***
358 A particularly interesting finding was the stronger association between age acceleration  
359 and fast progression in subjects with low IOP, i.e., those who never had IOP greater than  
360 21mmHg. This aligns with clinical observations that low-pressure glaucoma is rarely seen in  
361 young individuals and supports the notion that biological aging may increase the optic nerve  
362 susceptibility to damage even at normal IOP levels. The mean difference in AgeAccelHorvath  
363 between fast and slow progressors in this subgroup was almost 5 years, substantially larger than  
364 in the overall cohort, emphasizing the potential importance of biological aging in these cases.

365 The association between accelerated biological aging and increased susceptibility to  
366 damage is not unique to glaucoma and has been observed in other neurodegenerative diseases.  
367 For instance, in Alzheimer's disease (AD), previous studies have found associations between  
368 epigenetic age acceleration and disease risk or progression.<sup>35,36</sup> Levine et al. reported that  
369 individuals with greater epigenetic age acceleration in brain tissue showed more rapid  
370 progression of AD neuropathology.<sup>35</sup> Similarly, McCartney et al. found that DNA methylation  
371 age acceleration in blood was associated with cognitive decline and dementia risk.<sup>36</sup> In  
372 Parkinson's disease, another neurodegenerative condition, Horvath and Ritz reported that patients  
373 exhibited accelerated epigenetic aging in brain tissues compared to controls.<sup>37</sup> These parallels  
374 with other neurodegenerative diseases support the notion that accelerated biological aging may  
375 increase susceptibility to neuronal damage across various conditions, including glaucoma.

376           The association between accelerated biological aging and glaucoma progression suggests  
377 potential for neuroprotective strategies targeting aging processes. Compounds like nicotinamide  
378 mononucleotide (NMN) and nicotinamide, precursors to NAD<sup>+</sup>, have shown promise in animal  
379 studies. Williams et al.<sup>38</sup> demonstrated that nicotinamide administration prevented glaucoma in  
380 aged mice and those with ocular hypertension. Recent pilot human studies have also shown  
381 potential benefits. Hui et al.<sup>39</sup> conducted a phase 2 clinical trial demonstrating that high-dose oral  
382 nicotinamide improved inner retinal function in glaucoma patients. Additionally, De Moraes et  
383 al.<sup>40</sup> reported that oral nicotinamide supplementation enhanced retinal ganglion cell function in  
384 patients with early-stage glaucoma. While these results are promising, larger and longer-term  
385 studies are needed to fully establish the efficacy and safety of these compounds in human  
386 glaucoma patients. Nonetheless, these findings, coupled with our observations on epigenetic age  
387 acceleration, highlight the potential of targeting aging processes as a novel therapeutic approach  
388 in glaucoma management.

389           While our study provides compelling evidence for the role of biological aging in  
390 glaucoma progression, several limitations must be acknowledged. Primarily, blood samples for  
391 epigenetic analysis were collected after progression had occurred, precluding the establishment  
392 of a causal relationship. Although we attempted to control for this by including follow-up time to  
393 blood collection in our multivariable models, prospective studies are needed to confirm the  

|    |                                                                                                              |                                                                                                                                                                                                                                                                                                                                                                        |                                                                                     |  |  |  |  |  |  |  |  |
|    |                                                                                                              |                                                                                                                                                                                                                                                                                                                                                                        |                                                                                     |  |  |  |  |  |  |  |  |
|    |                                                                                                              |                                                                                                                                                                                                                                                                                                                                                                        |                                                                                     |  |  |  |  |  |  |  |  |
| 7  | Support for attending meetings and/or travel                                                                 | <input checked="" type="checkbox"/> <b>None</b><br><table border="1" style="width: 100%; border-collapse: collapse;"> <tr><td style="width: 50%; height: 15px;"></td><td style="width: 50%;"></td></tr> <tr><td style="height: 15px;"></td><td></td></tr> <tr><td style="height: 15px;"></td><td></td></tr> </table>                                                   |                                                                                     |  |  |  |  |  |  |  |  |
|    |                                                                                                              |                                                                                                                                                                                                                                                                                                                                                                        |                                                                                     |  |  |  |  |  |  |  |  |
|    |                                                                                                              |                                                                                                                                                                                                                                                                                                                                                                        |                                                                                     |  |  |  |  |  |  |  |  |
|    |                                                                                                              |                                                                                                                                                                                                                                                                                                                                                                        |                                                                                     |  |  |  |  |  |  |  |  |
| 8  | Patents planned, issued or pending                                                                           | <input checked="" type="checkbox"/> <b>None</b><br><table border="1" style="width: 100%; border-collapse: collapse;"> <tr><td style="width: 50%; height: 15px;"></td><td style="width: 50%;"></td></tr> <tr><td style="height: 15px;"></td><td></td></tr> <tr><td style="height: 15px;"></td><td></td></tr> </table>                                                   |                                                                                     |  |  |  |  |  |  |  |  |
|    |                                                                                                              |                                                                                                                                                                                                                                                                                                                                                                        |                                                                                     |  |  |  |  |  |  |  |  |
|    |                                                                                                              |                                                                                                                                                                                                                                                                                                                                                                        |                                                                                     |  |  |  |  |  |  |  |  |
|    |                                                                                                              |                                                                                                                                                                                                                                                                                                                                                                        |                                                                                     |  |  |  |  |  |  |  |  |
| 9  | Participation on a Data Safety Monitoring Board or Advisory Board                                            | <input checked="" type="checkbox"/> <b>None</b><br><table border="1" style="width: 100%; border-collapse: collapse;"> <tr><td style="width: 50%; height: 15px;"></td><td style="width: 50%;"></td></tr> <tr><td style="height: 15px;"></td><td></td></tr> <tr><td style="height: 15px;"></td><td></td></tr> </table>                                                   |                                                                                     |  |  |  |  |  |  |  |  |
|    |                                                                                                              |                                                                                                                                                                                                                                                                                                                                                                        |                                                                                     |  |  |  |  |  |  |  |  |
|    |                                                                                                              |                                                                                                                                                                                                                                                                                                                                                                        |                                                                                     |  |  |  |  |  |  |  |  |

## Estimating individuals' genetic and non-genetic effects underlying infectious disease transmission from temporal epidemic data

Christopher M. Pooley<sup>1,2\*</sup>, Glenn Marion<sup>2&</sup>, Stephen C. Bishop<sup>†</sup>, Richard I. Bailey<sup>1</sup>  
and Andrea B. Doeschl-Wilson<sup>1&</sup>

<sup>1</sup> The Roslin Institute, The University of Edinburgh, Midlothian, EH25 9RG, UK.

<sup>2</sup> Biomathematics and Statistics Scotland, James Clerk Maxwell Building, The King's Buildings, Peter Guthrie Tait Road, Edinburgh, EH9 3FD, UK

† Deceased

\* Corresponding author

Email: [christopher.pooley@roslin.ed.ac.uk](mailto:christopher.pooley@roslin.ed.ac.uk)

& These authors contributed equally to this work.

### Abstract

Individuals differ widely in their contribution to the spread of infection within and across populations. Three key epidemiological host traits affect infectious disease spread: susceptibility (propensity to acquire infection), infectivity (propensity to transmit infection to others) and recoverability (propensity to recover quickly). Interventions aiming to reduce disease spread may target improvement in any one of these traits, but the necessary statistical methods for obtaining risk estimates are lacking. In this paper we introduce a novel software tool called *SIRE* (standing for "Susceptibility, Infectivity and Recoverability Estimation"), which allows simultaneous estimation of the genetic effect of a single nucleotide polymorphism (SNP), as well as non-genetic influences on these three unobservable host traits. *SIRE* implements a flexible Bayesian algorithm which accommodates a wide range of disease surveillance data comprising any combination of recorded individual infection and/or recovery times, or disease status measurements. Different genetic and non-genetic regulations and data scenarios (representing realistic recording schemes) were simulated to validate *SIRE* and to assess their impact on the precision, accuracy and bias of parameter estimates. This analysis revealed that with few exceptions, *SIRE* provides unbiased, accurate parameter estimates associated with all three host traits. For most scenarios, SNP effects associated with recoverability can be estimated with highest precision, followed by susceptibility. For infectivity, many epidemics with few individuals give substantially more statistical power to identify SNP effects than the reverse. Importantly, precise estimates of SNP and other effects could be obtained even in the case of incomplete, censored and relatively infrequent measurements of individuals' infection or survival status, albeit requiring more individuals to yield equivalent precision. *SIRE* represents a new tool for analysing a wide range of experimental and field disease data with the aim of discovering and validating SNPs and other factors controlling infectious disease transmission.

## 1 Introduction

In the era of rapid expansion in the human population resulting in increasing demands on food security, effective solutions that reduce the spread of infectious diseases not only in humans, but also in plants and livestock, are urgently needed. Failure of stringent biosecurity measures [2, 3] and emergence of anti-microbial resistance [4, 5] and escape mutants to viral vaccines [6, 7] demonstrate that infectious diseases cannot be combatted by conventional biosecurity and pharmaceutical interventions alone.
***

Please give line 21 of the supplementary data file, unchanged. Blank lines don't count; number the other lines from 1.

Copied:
378 mononucleotide (NMN) and nicotinamide, precursors to NAD<sup>+</sup>, have shown promise in animal  